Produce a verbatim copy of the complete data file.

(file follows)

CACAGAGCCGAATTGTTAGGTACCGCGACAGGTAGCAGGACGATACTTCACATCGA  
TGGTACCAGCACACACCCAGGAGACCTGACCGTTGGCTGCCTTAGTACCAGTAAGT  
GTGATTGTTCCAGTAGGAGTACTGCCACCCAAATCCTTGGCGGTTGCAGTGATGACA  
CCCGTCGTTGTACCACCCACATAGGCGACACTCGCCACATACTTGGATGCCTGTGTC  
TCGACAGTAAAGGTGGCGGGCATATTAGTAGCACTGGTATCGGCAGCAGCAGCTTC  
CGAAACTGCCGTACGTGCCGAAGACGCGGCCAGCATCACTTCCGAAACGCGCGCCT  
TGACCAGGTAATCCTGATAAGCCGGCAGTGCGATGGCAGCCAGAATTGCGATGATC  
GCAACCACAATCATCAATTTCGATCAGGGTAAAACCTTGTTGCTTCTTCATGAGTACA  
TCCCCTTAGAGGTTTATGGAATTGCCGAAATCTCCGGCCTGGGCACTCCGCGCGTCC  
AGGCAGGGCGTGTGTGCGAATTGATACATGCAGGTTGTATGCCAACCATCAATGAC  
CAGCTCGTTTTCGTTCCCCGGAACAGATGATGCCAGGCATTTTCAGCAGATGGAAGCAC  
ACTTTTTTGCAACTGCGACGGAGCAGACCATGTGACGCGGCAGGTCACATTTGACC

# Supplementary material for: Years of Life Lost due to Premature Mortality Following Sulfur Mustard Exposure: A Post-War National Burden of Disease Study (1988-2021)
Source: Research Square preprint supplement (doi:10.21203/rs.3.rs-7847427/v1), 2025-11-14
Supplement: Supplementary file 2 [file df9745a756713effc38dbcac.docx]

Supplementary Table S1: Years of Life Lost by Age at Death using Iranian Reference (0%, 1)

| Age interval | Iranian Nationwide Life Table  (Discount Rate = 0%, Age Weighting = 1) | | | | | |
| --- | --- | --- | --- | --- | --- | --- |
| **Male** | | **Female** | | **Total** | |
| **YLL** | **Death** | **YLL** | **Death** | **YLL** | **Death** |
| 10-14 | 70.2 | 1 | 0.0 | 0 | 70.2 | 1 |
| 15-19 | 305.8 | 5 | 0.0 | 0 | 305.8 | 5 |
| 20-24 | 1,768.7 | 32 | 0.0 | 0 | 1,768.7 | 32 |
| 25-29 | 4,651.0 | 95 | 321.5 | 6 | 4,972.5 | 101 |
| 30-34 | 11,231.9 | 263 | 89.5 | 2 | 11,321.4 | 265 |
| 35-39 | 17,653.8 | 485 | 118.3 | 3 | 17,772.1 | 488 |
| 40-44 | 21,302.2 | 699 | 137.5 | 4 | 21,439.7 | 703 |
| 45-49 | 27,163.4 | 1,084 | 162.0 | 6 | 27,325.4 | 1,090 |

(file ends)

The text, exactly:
CACAGAGCCGAATTGTTAGGTACCGCGACAGGTAGCAGGACGATACTTCACATCGA  
TGGTACCAGCACACACCCAGGAGACCTGACCGTTGGCTGCCTTAGTACCAGTAAGT  
GTGATTGTTCCAGTAGGAGTACTGCCACCCAAATCCTTGGCGGTTGCAGTGATGACA  
CCCGTCGTTGTACCACCCACATAGGCGACACTCGCCACATACTTGGATGCCTGTGTC  
TCGACAGTAAAGGTGGCGGGCATATTAGTAGCACTGGTATCGGCAGCAGCAGCTTC  
CGAAACTGCCGTACGTGCCGAAGACGCGGCCAGCATCACTTCCGAAACGCGCGCCT  
TGACCAGGTAATCCTGATAAGCCGGCAGTGCGATGGCAGCCAGAATTGCGATGATC  
GCAACCACAATCATCAATTTCGATCAGGGTAAAACCTTGTTGCTTCTTCATGAGTACA  
TCCCCTTAGAGGTTTATGGAATTGCCGAAATCTCCGGCCTGGGCACTCCGCGCGTCC  
AGGCAGGGCGTGTGTGCGAATTGATACATGCAGGTTGTATGCCAACCATCAATGAC  
CAGCTCGTTTTCGTTCCCCGGAACAGATGATGCCAGGCATTTTCAGCAGATGGAAGCAC  
ACTTTTTTGCAACTGCGACGGAGCAGACCATGTGACGCGGCAGGTCACATTTGACC

# Supplementary material for: Years of Life Lost due to Premature Mortality Following Sulfur Mustard Exposure: A Post-War National Burden of Disease Study (1988-2021)
Source: Research Square preprint supplement (doi:10.21203/rs.3.rs-7847427/v1), 2025-11-14
Supplement: Supplementary file 2 [file df9745a756713effc38dbcac.docx]

Supplementary Table S1: Years of Life Lost by Age at Death using Iranian Reference (0%, 1)

| Age interval | Iranian Nationwide Life Table  (Discount Rate = 0%, Age Weighting = 1) | | | | | |
| --- | --- | --- | --- | --- | --- | --- |
| **Male** | | **Female** | | **Total** | |
| **YLL** | **Death** | **YLL** | **Death** | **YLL** | **Death** |
| 10-14 | 70.2 | 1 | 0.0 | 0 | 70.2 | 1 |
| 15-19 | 305.8 | 5 | 0.0 | 0 | 305.8 | 5 |
| 20-24 | 1,768.7 | 32 | 0.0 | 0 | 1,768.7 | 32 |
| 25-29 | 4,651.0 | 95 | 321.5 | 6 | 4,972.5 | 101 |
| 30-34 | 11,231.9 | 263 | 89.5 | 2 | 11,321.4 | 265 |
| 35-39 | 17,653.8 | 485 | 118.3 | 3 | 17,772.1 | 488 |
| 40-44 | 21,302.2 | 699 | 137.5 | 4 | 21,439.7 | 703 |
| 45-49 | 27,163.4 | 1,084 | 162.0 | 6 | 27,325.4 | 1,090 |